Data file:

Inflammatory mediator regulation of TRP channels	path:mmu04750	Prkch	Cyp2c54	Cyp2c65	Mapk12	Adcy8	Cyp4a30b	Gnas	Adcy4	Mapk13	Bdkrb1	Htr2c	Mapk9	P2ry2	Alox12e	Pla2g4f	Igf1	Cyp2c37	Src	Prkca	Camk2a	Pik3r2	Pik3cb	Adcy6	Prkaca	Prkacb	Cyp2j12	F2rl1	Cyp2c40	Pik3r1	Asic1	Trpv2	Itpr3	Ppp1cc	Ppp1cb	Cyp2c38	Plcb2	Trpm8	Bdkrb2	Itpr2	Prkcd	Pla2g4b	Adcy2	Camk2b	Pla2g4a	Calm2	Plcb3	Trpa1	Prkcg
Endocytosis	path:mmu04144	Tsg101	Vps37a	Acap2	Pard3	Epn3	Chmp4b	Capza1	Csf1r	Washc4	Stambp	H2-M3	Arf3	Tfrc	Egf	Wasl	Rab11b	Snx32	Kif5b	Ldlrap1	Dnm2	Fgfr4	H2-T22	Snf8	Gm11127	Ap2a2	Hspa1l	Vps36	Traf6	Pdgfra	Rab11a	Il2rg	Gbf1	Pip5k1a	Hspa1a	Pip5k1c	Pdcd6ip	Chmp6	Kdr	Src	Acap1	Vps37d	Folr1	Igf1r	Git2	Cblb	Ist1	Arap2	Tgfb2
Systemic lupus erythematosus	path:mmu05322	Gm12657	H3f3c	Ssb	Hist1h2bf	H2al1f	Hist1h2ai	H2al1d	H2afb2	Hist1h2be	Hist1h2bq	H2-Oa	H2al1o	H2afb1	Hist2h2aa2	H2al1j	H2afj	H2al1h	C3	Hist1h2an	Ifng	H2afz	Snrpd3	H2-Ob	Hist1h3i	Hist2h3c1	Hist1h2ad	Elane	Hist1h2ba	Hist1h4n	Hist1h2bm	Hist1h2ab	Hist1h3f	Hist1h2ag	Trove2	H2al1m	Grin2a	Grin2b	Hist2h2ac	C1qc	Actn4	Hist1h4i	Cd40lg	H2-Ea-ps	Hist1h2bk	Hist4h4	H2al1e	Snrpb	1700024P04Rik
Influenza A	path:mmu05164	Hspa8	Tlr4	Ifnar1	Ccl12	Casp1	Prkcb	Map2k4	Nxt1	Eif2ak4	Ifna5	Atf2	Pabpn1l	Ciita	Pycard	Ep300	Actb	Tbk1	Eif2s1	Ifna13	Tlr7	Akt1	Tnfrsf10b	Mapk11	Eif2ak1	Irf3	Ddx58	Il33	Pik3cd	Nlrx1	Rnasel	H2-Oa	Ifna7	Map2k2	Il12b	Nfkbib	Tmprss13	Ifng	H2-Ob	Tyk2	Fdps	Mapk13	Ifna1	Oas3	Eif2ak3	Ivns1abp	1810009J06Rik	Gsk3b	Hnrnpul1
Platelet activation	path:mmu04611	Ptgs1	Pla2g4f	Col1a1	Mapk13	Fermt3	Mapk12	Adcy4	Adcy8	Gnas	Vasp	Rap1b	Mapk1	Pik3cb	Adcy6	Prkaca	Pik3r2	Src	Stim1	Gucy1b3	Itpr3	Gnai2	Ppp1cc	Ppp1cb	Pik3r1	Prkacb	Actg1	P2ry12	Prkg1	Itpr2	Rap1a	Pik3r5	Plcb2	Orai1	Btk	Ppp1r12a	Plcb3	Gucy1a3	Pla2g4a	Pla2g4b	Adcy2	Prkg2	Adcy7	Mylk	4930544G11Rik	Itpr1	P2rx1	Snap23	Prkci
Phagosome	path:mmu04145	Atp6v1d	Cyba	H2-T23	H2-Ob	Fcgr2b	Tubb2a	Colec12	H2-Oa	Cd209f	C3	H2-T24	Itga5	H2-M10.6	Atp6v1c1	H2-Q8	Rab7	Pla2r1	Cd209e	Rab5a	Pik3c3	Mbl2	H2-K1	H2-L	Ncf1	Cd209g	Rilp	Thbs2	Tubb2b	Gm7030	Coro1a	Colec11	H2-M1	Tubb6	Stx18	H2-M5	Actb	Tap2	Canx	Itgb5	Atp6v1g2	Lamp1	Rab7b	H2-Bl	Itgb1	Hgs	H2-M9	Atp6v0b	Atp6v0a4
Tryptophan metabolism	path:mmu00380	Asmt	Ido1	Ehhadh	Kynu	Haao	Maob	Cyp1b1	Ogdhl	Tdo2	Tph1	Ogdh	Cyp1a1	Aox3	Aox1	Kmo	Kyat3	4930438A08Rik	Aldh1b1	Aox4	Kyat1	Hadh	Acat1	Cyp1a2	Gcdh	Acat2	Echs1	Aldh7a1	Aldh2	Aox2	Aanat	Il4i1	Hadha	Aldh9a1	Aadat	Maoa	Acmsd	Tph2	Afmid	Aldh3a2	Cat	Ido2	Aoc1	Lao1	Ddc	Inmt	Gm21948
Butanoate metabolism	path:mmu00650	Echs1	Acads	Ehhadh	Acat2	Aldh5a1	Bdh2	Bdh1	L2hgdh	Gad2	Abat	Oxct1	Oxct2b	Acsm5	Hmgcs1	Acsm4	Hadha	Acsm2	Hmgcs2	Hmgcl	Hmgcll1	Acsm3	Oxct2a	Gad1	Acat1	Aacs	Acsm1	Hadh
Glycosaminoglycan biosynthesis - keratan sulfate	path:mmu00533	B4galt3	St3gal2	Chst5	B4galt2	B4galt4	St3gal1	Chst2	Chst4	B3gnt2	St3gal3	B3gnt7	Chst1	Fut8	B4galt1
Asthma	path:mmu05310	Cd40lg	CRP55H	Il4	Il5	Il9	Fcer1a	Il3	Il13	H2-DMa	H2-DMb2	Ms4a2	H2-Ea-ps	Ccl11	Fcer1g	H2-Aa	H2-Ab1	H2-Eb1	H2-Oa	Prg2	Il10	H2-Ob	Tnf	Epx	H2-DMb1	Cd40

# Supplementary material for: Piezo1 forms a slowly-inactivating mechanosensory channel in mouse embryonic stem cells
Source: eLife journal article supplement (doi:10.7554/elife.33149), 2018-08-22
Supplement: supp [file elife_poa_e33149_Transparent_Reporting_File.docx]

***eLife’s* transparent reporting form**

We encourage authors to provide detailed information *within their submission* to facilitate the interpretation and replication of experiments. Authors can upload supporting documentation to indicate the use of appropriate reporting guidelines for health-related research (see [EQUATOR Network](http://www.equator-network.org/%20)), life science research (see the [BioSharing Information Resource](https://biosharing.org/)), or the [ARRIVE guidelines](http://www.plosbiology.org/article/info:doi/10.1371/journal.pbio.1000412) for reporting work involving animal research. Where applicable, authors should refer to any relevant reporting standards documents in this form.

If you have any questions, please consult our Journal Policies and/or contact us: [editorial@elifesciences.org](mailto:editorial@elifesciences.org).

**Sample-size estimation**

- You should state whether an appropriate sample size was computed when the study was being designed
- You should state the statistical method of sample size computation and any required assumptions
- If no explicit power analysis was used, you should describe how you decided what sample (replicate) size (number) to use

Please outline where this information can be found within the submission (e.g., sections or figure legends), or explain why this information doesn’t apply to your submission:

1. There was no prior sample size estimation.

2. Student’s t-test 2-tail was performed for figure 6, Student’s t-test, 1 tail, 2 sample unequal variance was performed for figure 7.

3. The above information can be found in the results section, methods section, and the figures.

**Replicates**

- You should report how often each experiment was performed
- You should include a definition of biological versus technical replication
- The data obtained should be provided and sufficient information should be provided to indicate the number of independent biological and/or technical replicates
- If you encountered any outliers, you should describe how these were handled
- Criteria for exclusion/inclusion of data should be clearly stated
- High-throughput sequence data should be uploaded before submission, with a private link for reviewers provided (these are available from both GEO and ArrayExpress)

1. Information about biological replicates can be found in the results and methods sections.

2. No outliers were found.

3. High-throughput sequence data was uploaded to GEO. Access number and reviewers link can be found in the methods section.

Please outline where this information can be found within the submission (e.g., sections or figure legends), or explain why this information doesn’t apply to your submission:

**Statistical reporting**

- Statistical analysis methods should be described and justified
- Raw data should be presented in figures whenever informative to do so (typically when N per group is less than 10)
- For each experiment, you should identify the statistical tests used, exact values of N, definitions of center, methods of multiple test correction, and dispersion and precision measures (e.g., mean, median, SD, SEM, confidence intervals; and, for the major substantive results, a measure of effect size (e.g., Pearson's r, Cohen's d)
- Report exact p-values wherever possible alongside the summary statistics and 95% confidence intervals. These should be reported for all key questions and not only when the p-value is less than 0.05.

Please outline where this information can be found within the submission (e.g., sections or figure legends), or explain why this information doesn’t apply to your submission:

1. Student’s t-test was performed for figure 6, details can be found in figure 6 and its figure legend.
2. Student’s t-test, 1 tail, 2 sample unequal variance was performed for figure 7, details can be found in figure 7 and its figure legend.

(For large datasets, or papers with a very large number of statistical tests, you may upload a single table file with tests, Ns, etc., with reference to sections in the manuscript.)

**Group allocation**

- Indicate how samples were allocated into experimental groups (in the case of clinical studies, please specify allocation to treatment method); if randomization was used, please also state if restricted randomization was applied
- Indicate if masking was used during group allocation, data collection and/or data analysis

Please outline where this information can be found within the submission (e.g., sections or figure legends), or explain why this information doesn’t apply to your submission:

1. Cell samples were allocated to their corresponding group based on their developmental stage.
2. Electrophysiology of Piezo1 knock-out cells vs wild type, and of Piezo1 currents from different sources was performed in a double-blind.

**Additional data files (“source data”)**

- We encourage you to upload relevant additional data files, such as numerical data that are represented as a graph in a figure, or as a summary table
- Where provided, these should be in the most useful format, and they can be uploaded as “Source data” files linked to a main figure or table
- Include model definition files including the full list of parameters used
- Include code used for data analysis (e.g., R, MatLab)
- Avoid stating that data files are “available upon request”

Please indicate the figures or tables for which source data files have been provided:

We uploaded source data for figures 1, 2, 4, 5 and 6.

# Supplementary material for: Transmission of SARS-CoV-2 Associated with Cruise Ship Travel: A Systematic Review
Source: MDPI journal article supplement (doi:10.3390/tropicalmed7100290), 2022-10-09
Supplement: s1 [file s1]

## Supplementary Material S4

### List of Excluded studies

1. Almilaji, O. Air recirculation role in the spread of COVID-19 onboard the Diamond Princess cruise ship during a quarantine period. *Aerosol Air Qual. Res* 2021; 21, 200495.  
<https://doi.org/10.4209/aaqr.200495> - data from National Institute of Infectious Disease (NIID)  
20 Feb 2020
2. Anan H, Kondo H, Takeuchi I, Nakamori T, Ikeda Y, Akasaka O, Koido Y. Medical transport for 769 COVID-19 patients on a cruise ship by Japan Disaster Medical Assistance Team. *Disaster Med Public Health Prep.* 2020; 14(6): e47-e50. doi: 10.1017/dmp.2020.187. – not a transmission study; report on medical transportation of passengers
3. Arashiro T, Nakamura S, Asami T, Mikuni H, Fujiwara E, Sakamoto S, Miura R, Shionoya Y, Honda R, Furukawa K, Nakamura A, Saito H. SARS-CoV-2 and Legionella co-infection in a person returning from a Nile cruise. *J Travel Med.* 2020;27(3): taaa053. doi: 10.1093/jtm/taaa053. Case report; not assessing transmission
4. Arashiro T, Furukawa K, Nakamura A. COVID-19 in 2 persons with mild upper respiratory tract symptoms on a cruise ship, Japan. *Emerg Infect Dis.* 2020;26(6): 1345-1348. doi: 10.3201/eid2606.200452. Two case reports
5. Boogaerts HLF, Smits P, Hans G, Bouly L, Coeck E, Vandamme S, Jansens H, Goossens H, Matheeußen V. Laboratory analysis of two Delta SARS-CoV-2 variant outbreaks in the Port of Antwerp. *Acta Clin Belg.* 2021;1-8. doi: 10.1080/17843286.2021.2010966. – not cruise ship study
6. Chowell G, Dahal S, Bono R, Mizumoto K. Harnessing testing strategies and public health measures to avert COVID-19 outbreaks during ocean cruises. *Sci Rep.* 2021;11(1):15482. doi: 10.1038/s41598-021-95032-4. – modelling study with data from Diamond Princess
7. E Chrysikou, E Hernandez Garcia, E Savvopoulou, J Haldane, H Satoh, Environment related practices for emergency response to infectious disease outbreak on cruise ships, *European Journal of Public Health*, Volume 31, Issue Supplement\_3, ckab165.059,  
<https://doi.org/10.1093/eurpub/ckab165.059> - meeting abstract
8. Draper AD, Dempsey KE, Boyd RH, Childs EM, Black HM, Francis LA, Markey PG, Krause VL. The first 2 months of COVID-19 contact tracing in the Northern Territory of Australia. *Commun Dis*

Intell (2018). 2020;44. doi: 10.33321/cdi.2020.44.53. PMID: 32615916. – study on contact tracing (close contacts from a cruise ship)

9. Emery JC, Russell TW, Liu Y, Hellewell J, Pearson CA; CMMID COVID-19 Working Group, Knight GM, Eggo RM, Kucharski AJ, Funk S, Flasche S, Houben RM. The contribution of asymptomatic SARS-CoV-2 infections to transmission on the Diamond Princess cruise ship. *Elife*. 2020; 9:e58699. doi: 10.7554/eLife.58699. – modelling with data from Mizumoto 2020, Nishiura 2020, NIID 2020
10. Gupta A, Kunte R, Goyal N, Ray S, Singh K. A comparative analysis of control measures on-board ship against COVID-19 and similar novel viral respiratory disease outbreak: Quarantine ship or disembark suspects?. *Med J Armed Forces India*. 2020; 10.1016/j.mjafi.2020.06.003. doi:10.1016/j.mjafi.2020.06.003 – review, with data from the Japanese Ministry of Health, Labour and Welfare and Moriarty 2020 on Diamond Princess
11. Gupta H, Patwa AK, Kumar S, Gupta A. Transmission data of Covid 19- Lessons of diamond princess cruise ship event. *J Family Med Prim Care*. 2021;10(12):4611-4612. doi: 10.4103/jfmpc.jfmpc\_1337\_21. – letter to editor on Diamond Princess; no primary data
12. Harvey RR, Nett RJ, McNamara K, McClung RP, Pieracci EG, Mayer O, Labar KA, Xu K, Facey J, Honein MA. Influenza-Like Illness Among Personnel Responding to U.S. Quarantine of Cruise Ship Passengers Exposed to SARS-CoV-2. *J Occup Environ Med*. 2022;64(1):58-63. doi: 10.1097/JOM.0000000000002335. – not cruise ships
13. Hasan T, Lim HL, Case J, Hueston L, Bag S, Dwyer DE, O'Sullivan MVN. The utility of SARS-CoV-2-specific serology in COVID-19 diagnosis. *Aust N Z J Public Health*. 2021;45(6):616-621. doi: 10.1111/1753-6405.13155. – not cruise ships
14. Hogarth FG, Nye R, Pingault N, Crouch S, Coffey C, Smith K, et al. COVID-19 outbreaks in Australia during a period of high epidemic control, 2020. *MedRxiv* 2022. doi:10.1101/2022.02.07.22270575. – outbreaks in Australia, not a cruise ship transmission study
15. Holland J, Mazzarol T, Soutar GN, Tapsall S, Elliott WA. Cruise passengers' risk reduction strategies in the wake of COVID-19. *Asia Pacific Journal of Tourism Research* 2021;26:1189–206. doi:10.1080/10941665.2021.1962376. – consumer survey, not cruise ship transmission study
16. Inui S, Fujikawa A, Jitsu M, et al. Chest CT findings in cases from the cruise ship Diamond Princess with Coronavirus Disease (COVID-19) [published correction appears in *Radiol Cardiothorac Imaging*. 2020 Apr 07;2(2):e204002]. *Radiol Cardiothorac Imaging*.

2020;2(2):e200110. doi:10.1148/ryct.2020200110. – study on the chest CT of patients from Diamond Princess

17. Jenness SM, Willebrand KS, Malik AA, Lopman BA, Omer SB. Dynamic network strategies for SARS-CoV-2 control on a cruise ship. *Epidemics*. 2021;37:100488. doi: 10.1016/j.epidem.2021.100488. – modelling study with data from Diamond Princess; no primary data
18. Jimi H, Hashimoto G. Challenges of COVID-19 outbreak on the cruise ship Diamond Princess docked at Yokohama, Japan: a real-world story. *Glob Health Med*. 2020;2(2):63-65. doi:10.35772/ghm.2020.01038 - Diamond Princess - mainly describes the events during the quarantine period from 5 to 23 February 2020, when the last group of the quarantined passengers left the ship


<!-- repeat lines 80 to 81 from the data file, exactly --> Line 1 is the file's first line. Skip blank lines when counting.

13. Hasan T, Lim HL, Case J, Hueston L, Bag S, Dwyer DE, O'Sullivan MVN. The utility of SARS-CoV-2-specific serology in COVID-19 diagnosis. *Aust N Z J Public Health*. 2021;45(6):616-621. doi: 10.1111/1753-6405.13155. – not cruise ships
14. Hogarth FG, Nye R, Pingault N, Crouch S, Coffey C, Smith K, et al. COVID-19 outbreaks in Australia during a period of high epidemic control, 2020. *MedRxiv* 2022. doi:10.1101/2022.02.07.22270575. – outbreaks in Australia, not a cruise ship transmission study